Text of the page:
The next step is to match families to subsidy amounts. This is done by assigning subsidy amounts to families for which householders have indicated that they are living in public housing or pay lower rent because the government pays part of the cost. These renters are divided into three income categories with separate subsidy amounts for each category. The income categories were between $6,000 and $9,999 and above $10,000.

A family can belong to one of three bedroom categories, depending on family size and composition: two bedrooms (the base group), or less or more than two bedrooms. The current method is therefore based on a region-income-bedroom matrix of 36 different subsidy amounts.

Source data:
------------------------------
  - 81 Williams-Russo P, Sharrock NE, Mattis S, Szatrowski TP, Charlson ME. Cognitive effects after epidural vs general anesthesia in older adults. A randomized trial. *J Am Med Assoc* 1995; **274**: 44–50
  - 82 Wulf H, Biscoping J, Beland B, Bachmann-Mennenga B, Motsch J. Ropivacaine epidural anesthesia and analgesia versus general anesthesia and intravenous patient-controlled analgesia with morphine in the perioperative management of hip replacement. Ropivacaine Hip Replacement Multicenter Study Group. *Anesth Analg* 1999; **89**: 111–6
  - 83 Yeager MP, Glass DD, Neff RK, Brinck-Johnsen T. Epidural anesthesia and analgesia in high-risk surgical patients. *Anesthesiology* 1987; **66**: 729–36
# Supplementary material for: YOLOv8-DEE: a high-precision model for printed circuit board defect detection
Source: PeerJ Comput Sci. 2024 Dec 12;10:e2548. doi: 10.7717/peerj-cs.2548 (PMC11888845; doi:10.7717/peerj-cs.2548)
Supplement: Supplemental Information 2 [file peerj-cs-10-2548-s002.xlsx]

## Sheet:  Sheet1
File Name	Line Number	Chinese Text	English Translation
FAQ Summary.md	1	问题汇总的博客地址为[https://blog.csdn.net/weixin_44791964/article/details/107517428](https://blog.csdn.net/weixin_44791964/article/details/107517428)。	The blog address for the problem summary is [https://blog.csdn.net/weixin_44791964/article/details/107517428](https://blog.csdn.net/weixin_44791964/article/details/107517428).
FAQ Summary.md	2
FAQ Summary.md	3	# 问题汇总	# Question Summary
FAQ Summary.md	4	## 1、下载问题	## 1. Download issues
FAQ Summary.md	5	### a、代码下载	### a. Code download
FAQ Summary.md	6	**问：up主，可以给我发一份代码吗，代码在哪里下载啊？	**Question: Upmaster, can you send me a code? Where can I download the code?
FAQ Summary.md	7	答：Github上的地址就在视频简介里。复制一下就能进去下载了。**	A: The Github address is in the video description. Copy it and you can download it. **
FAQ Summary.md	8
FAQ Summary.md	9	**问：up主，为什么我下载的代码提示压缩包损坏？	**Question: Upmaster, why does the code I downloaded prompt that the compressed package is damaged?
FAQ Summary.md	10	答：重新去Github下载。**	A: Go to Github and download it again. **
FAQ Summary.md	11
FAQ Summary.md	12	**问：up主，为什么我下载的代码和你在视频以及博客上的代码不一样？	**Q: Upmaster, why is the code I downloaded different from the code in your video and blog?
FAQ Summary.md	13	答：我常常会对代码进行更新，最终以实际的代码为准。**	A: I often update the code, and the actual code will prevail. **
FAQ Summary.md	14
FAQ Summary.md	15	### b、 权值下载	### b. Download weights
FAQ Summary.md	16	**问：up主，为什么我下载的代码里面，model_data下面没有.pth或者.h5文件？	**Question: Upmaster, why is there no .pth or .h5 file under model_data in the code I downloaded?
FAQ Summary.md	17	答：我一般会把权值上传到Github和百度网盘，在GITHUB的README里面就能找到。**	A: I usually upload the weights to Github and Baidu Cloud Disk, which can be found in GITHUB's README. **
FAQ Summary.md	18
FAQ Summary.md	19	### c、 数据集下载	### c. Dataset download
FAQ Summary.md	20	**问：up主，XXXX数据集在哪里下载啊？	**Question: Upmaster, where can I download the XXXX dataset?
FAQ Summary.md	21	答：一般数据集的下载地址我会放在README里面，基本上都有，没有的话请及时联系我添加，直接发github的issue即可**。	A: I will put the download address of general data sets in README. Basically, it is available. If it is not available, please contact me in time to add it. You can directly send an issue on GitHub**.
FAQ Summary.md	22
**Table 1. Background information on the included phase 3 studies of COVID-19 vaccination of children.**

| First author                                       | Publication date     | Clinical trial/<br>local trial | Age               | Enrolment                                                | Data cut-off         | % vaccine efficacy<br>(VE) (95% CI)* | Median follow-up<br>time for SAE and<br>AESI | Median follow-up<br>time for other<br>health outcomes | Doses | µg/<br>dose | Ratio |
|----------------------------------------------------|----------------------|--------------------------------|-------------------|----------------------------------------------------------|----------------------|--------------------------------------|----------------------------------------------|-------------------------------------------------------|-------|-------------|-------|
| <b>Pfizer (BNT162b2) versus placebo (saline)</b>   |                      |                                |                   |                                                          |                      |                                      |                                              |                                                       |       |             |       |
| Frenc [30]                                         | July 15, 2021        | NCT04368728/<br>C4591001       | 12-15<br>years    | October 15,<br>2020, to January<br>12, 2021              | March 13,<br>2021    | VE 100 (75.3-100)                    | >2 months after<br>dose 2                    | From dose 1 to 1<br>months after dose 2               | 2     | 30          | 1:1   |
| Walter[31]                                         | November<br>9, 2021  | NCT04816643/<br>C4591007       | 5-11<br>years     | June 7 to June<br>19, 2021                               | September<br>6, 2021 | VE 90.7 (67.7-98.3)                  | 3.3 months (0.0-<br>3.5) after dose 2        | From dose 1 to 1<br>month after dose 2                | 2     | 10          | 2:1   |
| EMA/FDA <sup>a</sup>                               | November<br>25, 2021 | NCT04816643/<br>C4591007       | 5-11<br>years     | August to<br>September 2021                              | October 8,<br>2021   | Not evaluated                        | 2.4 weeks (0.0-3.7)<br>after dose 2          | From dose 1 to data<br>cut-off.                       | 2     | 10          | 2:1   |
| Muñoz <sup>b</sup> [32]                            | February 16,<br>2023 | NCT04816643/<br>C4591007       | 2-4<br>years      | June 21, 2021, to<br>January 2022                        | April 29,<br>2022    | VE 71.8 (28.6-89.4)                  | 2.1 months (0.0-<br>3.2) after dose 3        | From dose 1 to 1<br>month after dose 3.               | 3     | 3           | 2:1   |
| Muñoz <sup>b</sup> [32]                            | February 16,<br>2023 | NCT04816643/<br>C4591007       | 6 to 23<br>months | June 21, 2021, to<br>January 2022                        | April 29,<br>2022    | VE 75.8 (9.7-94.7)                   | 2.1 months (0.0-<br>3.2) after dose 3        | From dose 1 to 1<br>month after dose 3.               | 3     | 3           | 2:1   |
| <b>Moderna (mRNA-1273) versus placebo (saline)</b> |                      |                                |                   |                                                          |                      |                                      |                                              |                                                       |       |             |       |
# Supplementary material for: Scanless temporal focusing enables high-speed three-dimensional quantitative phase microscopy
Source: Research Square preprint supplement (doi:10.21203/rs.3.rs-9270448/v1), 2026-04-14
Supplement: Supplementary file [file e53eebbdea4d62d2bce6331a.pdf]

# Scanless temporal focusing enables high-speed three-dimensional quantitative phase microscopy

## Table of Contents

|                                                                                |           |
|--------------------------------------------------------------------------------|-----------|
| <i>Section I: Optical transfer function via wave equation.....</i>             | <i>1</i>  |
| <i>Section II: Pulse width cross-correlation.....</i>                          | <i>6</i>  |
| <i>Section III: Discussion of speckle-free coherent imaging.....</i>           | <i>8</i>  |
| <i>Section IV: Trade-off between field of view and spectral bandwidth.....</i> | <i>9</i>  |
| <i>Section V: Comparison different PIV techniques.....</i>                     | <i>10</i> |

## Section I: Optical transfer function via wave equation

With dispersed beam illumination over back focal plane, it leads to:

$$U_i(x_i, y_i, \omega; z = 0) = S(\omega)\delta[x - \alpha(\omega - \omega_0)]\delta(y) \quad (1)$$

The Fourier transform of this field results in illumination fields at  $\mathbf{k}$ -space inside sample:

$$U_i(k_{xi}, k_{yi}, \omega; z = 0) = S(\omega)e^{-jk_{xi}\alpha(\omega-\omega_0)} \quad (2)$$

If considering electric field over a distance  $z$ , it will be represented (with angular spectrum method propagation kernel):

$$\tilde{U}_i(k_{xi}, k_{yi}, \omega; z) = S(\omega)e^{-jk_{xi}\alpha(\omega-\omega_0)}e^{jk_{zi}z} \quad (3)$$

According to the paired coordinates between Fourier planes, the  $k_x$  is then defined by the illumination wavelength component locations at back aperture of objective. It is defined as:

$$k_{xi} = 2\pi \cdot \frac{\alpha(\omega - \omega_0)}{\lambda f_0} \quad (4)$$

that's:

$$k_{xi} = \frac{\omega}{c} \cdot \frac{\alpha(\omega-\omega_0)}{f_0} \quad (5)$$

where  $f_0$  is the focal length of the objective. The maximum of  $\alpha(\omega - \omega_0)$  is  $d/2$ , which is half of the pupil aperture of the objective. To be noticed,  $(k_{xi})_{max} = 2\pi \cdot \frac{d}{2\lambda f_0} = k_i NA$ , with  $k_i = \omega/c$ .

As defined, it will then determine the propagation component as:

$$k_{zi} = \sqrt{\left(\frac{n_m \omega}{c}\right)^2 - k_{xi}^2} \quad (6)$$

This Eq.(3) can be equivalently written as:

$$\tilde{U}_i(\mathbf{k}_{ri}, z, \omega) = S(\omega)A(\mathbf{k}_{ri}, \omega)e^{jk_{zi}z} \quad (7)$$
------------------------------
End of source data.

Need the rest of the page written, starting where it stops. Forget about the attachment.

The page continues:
Number of bedrooms

Our current method imputes the number of bedrooms based on the composition of the primary family and related subfamilies. The following steps describe this method.

-- Select the primary family and related subfamilies from the household.

-- -- The head of the primary family is assigned one bedroom, to be shared with a potential spouse.

-- One bedroom is assigned for every two children under the age of six.

-- One bedroom is assigned for every two persons over the age of six of the same sex.

-- If there is only one child under the age of six, the child shares a bedroom with any same sex person over six.

-- If there is an odd number of children under the age of six (and more than one), the extra child is assigned own bedroom.

-- If there is an odd number of persons over the age of six, the extra person is assigned own bedroom.

-- Unrelated subfamilies are assigned one bedroom, regardless of family size.

-- A primary individual is assigned own bedroom.

-- Secondary individuals are assigned zero bedrooms.